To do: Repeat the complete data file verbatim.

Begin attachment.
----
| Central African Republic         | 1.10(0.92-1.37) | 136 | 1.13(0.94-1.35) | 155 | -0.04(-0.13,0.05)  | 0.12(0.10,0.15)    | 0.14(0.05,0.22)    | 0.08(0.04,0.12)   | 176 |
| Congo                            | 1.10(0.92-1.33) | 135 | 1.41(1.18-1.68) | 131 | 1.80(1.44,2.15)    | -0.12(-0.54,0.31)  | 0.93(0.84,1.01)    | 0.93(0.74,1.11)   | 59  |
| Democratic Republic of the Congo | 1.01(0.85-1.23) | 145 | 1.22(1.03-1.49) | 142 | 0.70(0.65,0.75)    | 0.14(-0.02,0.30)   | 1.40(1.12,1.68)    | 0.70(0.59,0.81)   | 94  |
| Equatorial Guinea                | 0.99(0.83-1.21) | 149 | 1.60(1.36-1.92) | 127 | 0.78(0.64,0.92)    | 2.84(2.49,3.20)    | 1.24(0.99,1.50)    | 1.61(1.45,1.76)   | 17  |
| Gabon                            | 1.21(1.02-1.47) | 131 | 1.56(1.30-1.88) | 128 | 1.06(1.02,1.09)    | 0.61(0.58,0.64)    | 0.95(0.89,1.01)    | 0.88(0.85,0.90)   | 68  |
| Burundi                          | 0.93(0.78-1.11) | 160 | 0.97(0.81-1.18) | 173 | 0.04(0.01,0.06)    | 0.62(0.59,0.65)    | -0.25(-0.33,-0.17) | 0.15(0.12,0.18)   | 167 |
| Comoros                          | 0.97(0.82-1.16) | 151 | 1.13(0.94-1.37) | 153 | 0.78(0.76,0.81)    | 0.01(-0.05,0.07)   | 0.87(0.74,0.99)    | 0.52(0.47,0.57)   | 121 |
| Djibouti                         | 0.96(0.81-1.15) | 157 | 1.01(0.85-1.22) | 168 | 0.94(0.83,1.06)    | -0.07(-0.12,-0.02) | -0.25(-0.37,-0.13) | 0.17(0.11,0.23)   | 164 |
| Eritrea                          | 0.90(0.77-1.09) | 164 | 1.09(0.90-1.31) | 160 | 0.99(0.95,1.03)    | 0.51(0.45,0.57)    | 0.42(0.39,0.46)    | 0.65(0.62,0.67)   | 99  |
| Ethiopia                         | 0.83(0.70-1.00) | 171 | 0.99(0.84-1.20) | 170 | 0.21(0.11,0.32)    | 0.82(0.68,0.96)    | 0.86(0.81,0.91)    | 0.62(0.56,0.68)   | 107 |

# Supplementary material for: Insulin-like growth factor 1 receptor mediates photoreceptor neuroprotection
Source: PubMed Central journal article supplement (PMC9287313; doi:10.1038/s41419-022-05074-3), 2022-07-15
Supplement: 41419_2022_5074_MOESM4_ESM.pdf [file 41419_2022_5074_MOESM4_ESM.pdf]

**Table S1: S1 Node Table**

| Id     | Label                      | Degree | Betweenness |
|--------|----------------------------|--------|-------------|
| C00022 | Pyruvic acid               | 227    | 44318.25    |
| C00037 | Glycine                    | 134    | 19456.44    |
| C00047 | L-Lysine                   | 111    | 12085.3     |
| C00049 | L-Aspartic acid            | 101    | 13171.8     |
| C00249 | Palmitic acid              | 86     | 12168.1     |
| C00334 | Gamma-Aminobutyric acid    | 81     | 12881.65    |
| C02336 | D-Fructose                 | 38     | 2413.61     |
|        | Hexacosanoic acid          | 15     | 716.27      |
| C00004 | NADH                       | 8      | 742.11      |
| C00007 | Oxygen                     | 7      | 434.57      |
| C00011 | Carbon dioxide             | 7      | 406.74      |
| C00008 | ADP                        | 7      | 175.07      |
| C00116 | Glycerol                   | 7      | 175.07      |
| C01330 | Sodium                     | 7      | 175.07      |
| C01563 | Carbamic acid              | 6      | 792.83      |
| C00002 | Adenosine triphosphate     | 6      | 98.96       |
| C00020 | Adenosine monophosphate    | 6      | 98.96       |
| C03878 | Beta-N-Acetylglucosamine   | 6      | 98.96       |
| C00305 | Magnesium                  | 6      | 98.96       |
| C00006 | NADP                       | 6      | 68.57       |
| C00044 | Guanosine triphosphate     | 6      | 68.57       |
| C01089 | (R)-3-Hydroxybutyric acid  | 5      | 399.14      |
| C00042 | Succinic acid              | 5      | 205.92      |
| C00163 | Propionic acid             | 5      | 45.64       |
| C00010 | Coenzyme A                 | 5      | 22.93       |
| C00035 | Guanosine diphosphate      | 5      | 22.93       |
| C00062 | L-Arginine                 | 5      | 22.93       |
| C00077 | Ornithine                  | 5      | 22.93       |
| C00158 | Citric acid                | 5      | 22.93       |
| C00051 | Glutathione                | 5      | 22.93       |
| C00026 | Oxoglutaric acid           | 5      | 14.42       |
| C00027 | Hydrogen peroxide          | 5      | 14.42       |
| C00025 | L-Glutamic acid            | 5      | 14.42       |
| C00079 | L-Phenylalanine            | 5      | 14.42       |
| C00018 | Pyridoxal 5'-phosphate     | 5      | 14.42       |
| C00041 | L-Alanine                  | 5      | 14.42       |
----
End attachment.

| Central African Republic         | 1.10(0.92-1.37) | 136 | 1.13(0.94-1.35) | 155 | -0.04(-0.13,0.05)  | 0.12(0.10,0.15)    | 0.14(0.05,0.22)    | 0.08(0.04,0.12)   | 176 |
| Congo                            | 1.10(0.92-1.33) | 135 | 1.41(1.18-1.68) | 131 | 1.80(1.44,2.15)    | -0.12(-0.54,0.31)  | 0.93(0.84,1.01)    | 0.93(0.74,1.11)   | 59  |
| Democratic Republic of the Congo | 1.01(0.85-1.23) | 145 | 1.22(1.03-1.49) | 142 | 0.70(0.65,0.75)    | 0.14(-0.02,0.30)   | 1.40(1.12,1.68)    | 0.70(0.59,0.81)   | 94  |
| Equatorial Guinea                | 0.99(0.83-1.21) | 149 | 1.60(1.36-1.92) | 127 | 0.78(0.64,0.92)    | 2.84(2.49,3.20)    | 1.24(0.99,1.50)    | 1.61(1.45,1.76)   | 17  |
| Gabon                            | 1.21(1.02-1.47) | 131 | 1.56(1.30-1.88) | 128 | 1.06(1.02,1.09)    | 0.61(0.58,0.64)    | 0.95(0.89,1.01)    | 0.88(0.85,0.90)   | 68  |
| Burundi                          | 0.93(0.78-1.11) | 160 | 0.97(0.81-1.18) | 173 | 0.04(0.01,0.06)    | 0.62(0.59,0.65)    | -0.25(-0.33,-0.17) | 0.15(0.12,0.18)   | 167 |
| Comoros                          | 0.97(0.82-1.16) | 151 | 1.13(0.94-1.37) | 153 | 0.78(0.76,0.81)    | 0.01(-0.05,0.07)   | 0.87(0.74,0.99)    | 0.52(0.47,0.57)   | 121 |
| Djibouti                         | 0.96(0.81-1.15) | 157 | 1.01(0.85-1.22) | 168 | 0.94(0.83,1.06)    | -0.07(-0.12,-0.02) | -0.25(-0.37,-0.13) | 0.17(0.11,0.23)   | 164 |
| Eritrea                          | 0.90(0.77-1.09) | 164 | 1.09(0.90-1.31) | 160 | 0.99(0.95,1.03)    | 0.51(0.45,0.57)    | 0.42(0.39,0.46)    | 0.65(0.62,0.67)   | 99  |
| Ethiopia                         | 0.83(0.70-1.00) | 171 | 0.99(0.84-1.20) | 170 | 0.21(0.11,0.32)    | 0.82(0.68,0.96)    | 0.86(0.81,0.91)    | 0.62(0.56,0.68)   | 107 |

# Supplementary material for: Insulin-like growth factor 1 receptor mediates photoreceptor neuroprotection
Source: PubMed Central journal article supplement (PMC9287313; doi:10.1038/s41419-022-05074-3), 2022-07-15
Supplement: 41419_2022_5074_MOESM4_ESM.pdf [file 41419_2022_5074_MOESM4_ESM.pdf]

**Table S1: S1 Node Table**

| Id     | Label                      | Degree | Betweenness |
|--------|----------------------------|--------|-------------|
| C00022 | Pyruvic acid               | 227    | 44318.25    |
| C00037 | Glycine                    | 134    | 19456.44    |
| C00047 | L-Lysine                   | 111    | 12085.3     |
| C00049 | L-Aspartic acid            | 101    | 13171.8     |
| C00249 | Palmitic acid              | 86     | 12168.1     |
| C00334 | Gamma-Aminobutyric acid    | 81     | 12881.65    |
| C02336 | D-Fructose                 | 38     | 2413.61     |
|        | Hexacosanoic acid          | 15     | 716.27      |
| C00004 | NADH                       | 8      | 742.11      |
| C00007 | Oxygen                     | 7      | 434.57      |
| C00011 | Carbon dioxide             | 7      | 406.74      |
| C00008 | ADP                        | 7      | 175.07      |
| C00116 | Glycerol                   | 7      | 175.07      |
| C01330 | Sodium                     | 7      | 175.07      |
| C01563 | Carbamic acid              | 6      | 792.83      |
| C00002 | Adenosine triphosphate     | 6      | 98.96       |
| C00020 | Adenosine monophosphate    | 6      | 98.96       |
| C03878 | Beta-N-Acetylglucosamine   | 6      | 98.96       |
| C00305 | Magnesium                  | 6      | 98.96       |
| C00006 | NADP                       | 6      | 68.57       |
| C00044 | Guanosine triphosphate     | 6      | 68.57       |
| C01089 | (R)-3-Hydroxybutyric acid  | 5      | 399.14      |
| C00042 | Succinic acid              | 5      | 205.92      |
| C00163 | Propionic acid             | 5      | 45.64       |
| C00010 | Coenzyme A                 | 5      | 22.93       |
| C00035 | Guanosine diphosphate      | 5      | 22.93       |
| C00062 | L-Arginine                 | 5      | 22.93       |
| C00077 | Ornithine                  | 5      | 22.93       |
| C00158 | Citric acid                | 5      | 22.93       |
| C00051 | Glutathione                | 5      | 22.93       |
| C00026 | Oxoglutaric acid           | 5      | 14.42       |
| C00027 | Hydrogen peroxide          | 5      | 14.42       |
| C00025 | L-Glutamic acid            | 5      | 14.42       |
| C00079 | L-Phenylalanine            | 5      | 14.42       |
| C00018 | Pyridoxal 5'-phosphate     | 5      | 14.42       |
| C00041 | L-Alanine                  | 5      | 14.42       |